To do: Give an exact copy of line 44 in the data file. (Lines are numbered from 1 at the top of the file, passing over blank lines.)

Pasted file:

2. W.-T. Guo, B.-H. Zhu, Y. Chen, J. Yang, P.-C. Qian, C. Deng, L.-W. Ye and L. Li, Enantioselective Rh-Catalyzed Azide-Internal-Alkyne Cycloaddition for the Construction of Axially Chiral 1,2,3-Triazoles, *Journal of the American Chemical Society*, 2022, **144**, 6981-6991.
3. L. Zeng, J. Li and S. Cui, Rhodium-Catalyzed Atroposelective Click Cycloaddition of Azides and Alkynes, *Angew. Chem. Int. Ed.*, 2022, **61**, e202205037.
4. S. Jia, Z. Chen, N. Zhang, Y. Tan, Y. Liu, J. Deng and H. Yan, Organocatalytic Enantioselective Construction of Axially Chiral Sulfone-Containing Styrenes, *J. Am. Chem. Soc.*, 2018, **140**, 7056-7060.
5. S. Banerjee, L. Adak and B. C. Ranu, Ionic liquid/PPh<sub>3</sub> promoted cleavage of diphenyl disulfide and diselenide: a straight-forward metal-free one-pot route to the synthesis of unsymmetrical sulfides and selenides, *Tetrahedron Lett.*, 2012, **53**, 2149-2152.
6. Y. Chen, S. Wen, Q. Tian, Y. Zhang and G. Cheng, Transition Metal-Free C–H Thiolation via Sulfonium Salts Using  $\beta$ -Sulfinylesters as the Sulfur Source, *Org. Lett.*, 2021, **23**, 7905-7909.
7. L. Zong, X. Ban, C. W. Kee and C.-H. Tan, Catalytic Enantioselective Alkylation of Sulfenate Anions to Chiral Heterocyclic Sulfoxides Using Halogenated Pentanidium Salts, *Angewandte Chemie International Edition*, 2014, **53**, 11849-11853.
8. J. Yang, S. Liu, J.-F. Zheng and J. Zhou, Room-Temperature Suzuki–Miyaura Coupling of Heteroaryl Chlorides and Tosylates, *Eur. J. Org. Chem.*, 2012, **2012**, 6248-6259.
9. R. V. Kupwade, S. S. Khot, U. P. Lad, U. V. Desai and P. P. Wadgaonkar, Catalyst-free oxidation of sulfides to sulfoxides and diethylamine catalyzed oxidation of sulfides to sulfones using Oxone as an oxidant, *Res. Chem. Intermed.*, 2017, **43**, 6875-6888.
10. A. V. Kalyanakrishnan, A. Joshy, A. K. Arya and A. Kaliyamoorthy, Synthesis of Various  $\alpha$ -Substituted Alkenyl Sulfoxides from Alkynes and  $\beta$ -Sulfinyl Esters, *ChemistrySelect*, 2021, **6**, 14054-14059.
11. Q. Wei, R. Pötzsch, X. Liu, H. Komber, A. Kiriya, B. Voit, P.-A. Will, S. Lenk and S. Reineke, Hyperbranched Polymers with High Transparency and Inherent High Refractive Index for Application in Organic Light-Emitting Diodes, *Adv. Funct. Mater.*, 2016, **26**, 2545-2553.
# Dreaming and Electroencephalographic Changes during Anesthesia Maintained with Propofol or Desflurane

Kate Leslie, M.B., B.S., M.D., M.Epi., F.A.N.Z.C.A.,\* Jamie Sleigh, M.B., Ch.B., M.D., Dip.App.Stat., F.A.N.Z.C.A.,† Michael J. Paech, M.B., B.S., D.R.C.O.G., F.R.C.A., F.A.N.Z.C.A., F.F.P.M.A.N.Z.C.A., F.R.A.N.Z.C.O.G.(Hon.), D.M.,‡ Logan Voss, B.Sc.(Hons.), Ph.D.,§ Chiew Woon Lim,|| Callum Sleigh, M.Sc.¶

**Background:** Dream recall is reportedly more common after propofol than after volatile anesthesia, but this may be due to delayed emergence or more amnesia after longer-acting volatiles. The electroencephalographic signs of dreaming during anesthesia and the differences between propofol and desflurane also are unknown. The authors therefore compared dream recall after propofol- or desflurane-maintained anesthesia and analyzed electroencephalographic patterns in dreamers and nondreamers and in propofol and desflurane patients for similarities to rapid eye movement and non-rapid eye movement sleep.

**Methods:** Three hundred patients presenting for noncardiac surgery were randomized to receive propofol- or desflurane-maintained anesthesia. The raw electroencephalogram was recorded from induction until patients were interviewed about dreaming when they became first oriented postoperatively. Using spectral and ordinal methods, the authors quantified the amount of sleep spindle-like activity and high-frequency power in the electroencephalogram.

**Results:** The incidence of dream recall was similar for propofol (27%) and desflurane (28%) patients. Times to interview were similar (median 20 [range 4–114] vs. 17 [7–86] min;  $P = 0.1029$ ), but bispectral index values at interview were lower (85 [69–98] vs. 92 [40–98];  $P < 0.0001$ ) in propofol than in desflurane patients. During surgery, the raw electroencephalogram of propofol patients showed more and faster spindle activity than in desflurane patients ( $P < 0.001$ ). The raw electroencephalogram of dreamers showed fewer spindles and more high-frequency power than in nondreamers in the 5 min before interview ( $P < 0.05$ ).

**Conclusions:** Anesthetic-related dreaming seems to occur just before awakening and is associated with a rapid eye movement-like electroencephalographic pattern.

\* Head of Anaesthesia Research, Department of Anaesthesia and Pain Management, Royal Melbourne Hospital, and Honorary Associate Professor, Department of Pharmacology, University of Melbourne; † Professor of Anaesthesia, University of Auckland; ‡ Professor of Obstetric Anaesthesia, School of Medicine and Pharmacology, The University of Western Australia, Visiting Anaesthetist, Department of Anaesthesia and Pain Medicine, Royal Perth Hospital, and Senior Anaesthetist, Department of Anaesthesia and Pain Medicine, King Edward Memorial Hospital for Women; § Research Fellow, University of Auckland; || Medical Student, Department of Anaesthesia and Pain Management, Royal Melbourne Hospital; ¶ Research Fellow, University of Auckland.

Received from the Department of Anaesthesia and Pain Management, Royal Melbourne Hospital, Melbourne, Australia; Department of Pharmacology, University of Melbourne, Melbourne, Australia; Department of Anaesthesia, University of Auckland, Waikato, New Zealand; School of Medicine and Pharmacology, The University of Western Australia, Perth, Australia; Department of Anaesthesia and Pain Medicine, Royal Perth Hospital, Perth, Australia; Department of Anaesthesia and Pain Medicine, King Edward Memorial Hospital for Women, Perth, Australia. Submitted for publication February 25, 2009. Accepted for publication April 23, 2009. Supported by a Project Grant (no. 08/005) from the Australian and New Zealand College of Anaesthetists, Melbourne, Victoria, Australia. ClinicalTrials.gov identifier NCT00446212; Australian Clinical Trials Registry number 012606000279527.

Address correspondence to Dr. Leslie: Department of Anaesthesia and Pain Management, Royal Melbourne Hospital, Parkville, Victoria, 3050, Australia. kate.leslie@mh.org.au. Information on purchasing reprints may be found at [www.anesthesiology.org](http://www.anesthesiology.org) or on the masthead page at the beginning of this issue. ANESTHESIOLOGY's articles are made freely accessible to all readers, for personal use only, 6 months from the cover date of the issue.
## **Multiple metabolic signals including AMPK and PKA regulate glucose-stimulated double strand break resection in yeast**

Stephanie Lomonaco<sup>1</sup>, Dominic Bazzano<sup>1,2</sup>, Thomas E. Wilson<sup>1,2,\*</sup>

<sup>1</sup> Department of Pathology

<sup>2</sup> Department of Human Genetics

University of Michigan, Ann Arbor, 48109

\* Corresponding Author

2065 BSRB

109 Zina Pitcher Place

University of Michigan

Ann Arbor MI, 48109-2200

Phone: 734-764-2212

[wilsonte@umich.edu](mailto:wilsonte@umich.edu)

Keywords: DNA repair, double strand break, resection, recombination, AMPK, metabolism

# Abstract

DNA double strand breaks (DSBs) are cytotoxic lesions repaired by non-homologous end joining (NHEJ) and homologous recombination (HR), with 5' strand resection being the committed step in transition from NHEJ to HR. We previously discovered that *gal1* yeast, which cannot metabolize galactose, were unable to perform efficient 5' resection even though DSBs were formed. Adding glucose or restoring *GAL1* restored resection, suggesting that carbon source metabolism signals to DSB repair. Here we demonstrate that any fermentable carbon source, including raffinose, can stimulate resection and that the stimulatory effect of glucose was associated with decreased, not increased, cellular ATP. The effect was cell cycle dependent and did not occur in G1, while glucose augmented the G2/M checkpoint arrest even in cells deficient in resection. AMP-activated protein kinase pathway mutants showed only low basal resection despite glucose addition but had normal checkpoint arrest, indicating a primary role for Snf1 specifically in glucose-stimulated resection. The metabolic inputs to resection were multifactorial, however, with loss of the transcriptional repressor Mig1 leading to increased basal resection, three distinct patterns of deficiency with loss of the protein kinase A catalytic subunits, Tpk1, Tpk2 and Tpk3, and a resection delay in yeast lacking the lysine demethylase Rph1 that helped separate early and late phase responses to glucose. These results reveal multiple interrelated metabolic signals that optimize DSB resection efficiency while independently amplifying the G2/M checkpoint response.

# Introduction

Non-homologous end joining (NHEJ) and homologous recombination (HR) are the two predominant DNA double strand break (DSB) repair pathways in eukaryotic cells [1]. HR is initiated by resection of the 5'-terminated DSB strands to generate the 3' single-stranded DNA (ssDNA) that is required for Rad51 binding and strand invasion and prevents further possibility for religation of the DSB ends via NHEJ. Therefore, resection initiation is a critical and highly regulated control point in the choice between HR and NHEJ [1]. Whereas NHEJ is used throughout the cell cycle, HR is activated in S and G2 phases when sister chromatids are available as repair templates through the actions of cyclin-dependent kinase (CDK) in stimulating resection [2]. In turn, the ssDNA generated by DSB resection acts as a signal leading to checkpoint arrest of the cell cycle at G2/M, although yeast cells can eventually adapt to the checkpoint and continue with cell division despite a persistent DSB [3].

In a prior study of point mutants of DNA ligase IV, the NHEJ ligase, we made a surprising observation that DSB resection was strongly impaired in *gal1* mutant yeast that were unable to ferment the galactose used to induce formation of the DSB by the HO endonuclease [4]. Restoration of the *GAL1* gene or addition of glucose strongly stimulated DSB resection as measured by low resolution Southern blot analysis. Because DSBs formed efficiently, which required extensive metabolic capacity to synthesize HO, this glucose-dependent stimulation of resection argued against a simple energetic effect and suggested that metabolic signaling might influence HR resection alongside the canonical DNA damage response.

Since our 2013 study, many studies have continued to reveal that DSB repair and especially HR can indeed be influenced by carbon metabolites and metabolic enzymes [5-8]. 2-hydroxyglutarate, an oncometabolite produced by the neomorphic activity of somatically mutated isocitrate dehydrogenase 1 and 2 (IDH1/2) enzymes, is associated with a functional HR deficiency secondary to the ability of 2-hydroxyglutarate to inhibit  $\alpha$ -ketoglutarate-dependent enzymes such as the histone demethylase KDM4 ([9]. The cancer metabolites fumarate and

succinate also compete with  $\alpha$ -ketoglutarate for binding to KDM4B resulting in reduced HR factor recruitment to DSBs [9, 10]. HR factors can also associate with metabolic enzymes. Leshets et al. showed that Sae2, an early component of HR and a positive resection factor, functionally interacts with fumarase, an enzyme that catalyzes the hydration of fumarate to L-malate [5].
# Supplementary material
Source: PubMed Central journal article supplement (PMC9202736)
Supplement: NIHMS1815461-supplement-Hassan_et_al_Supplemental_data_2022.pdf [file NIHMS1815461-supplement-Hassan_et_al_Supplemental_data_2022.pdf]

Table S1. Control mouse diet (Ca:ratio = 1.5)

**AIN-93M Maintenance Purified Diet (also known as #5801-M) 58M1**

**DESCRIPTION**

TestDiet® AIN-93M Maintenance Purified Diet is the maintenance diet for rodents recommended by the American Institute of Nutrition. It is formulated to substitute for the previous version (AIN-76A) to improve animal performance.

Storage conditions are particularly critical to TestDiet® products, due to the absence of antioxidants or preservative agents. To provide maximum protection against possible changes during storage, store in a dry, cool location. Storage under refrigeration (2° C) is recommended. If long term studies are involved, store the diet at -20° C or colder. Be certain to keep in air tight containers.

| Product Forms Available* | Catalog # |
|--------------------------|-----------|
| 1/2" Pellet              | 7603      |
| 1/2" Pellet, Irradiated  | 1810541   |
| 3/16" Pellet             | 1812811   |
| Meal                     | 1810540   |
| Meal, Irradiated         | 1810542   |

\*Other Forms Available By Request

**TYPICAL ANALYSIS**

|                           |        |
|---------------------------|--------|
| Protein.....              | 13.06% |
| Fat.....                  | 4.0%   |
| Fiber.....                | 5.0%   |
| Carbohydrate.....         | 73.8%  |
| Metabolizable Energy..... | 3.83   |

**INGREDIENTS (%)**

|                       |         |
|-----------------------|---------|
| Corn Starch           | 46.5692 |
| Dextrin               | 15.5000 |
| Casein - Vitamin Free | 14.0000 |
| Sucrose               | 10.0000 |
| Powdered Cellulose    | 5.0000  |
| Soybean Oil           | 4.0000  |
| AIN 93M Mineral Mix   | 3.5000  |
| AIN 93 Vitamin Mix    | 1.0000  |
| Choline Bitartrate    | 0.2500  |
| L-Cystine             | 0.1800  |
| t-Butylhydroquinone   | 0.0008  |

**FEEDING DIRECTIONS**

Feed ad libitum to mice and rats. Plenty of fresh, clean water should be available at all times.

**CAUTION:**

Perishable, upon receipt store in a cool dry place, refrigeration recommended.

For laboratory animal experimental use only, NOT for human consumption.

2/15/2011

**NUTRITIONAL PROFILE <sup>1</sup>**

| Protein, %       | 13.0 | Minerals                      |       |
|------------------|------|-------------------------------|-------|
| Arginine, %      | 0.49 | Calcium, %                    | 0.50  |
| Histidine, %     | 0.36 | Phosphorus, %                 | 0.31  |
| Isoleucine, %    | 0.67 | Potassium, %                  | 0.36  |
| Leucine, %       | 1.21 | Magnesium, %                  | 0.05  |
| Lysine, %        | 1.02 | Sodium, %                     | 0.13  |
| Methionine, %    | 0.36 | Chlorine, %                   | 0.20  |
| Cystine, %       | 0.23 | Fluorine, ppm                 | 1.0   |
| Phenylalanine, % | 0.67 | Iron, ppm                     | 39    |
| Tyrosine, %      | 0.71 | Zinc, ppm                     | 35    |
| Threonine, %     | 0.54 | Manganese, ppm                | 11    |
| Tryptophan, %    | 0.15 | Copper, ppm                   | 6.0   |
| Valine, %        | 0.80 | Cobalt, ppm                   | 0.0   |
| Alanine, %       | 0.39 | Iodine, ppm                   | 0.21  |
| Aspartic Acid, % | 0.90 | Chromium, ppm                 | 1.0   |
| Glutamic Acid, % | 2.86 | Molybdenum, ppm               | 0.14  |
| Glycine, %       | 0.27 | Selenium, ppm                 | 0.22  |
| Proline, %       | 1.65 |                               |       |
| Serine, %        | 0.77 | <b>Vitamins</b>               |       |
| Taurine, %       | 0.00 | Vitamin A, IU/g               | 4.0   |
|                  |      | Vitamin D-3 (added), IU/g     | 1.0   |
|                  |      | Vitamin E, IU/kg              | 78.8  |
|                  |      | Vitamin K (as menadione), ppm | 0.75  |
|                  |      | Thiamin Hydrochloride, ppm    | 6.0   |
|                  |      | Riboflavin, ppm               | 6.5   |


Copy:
**AIN-93M Maintenance Purified Diet (also known as #5801-M) 58M1**